Will Ferrell gets top billing in The Campaign and the familiarity of his character will draw you into the film (more on that in a moment), but itís Zach Galifianakis who steals the show. While heís been around for years (try going back and watching Tru Calling now), since his breakout role in The Hangover, Galifianakis has been appearing in many high profile movies, often playing quirky characters. He takes the role of Marty Huggins and makes it his own. I think weíve all met that man who is married to a woman, but comes across as homosexual and Zach nails that perfectly with his portrayal of Marty as someone who loves sweaters, fanny packs, and his little dogs. Marty is earnest, but heís not incredibly bright and some of his faux pas lead to the biggest laughs in the movie. The thing about this performance is that Galifanakis really loses himself in this role and youíll never think, ďOh, thatís just that guy from The Hangover doing his thing.Ē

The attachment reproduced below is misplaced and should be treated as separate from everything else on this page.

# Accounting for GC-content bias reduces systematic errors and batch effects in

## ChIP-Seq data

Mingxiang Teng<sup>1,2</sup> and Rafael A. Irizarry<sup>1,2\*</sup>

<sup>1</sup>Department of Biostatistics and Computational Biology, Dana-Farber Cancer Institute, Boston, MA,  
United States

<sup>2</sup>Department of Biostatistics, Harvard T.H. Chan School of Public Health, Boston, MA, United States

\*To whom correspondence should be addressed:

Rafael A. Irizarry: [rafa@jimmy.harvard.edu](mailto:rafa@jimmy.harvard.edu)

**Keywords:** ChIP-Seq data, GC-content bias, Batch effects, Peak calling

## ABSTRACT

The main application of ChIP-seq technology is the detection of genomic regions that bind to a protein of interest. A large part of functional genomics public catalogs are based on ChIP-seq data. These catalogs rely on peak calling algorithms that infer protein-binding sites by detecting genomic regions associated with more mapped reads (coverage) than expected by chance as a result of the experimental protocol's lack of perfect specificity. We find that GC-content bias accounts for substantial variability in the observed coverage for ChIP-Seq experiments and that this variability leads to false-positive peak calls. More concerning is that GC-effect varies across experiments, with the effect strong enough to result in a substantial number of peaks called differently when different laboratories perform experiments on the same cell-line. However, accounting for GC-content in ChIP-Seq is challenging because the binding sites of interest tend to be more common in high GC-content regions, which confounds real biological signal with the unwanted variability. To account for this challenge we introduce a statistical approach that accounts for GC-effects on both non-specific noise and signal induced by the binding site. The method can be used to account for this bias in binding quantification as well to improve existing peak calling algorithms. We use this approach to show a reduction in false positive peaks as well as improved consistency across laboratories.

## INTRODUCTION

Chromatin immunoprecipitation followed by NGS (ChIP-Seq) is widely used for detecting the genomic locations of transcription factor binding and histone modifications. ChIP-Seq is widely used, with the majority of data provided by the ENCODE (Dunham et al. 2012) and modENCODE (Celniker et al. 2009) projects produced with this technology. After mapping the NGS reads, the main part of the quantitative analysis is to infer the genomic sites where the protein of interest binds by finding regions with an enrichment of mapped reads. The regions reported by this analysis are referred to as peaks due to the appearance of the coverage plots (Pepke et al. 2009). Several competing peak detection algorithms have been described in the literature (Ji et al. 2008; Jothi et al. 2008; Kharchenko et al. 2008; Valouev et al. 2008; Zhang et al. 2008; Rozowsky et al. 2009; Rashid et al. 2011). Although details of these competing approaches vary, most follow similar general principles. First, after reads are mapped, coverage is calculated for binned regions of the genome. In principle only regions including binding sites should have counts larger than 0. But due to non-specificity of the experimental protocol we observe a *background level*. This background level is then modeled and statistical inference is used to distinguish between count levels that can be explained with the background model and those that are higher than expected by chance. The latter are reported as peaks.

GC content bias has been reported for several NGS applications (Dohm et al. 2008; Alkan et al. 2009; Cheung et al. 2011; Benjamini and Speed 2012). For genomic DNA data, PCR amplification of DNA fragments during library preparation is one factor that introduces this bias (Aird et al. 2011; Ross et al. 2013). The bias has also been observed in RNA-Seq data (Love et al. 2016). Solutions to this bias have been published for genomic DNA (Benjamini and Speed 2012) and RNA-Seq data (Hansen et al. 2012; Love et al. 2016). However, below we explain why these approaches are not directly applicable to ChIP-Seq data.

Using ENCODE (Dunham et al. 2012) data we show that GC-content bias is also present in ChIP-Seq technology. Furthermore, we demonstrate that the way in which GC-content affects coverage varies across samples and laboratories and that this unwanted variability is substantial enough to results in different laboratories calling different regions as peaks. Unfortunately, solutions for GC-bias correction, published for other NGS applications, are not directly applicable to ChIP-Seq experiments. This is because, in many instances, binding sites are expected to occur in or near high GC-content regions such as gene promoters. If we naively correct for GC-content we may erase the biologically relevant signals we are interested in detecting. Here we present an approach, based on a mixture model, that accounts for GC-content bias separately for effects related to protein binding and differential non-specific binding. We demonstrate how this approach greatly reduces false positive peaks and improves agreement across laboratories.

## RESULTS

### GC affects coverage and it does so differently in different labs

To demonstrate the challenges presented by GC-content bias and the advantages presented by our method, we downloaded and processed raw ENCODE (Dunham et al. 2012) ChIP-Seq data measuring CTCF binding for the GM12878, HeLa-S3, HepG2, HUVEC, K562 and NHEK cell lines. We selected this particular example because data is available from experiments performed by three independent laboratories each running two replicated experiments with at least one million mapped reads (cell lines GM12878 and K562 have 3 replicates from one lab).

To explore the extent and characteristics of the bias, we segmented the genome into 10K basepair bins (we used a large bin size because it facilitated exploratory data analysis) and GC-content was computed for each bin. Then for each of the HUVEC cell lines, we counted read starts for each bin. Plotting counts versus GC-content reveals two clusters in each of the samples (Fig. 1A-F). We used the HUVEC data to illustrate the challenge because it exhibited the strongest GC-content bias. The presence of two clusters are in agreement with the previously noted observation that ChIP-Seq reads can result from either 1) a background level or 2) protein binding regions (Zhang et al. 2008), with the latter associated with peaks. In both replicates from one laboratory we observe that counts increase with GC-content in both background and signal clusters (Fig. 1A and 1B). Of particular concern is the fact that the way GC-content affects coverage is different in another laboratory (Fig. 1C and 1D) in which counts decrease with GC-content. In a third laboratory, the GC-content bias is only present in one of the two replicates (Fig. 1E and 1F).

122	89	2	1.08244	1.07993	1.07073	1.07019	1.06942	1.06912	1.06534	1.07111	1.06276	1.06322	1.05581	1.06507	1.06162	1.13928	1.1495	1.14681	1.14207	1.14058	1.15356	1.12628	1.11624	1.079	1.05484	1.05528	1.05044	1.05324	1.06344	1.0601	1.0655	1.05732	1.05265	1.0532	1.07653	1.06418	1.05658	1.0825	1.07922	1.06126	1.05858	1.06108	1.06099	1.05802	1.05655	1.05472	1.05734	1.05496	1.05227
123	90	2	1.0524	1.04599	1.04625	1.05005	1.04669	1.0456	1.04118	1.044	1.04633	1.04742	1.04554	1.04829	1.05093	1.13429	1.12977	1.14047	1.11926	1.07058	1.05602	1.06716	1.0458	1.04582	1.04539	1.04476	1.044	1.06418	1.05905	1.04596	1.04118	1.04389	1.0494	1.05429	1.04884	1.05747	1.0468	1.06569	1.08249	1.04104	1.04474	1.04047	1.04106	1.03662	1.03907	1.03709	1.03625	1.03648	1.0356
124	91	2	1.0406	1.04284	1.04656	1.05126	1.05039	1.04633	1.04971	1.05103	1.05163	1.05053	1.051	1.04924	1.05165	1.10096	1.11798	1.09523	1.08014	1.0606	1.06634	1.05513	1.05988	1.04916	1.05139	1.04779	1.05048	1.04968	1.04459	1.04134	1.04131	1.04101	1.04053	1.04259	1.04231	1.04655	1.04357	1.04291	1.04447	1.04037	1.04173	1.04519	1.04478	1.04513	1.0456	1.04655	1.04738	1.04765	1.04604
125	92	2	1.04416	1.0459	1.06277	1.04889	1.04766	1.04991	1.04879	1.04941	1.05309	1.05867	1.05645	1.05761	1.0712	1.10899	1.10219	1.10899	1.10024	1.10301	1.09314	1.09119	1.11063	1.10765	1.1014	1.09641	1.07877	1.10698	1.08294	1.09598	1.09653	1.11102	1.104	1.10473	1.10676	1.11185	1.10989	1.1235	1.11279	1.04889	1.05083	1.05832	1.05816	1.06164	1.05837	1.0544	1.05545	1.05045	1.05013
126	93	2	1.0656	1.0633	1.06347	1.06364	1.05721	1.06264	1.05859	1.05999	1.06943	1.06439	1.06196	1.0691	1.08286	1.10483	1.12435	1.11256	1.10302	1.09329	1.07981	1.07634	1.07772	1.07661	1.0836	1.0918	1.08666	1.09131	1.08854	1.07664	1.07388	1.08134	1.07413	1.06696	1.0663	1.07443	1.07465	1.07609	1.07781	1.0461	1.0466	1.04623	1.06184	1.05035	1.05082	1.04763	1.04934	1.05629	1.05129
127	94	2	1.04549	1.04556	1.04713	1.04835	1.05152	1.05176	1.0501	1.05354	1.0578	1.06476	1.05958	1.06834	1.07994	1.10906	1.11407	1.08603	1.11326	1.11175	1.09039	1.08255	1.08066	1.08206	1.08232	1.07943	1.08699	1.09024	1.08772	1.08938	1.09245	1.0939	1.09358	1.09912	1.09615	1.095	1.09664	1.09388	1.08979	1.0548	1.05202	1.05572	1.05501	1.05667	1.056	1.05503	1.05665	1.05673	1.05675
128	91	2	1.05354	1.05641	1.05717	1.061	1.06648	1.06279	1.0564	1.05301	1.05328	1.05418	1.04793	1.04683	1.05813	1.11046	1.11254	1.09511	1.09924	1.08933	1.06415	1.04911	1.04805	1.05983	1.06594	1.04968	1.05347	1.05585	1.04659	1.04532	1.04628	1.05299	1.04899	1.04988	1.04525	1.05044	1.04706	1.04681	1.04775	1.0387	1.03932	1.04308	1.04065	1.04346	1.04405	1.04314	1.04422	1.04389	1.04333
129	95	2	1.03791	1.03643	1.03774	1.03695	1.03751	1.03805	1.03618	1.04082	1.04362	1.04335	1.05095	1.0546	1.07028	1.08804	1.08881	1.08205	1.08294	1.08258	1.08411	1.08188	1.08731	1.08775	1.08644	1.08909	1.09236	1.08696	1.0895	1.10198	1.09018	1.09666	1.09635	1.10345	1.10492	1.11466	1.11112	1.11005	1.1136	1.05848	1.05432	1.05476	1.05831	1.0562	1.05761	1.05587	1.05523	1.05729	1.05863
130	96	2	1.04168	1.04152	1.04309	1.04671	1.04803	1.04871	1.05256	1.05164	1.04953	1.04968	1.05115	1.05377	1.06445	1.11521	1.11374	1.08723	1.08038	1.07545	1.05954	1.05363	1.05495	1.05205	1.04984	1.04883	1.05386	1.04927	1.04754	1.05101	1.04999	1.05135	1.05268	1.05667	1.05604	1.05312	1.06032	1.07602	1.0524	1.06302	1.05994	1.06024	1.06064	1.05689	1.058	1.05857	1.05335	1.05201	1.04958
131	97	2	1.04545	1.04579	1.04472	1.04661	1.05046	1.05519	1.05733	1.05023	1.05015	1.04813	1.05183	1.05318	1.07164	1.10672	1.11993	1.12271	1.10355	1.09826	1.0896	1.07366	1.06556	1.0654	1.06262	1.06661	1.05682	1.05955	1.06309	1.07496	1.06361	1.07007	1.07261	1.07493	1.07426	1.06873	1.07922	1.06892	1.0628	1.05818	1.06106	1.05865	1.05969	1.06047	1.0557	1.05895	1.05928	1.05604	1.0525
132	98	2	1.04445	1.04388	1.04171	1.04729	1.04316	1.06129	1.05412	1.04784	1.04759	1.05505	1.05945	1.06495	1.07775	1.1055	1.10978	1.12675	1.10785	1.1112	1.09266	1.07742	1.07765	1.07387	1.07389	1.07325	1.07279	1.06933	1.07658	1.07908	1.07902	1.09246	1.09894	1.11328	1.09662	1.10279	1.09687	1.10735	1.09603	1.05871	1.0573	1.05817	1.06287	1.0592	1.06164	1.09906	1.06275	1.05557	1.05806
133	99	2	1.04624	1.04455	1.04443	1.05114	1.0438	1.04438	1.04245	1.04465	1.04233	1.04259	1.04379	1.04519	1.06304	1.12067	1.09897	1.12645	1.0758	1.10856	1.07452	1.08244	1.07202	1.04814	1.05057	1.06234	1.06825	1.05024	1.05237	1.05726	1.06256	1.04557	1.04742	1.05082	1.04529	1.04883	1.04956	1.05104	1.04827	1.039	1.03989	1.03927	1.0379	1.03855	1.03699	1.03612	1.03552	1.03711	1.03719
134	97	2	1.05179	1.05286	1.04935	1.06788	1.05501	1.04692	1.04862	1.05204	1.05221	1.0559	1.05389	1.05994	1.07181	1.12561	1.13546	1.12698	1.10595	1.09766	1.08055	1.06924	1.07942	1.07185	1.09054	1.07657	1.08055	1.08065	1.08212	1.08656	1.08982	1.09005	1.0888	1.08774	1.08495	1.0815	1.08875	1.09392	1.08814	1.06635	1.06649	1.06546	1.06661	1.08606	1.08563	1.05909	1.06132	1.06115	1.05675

But, thatís not to say that Will Ferrell isnít good as well, itís just that, again, weíve seen him play a character like this before. Of all of Ferrellís movies, The Campaign is most reminiscent of Talladega Nights, and not just because both take place in North Carolina. Cam Brady is very similar to Ricky Bobby in the sense that both have become so accustomed to winning that they canít fathom someone challenging them or something going wrong in their perfect lives. Both are married to phony women who threaten to leave them the moment that something goes wrong. Another similarity is that both movies feature classic dinner table scenes in which bizarre children steal focus.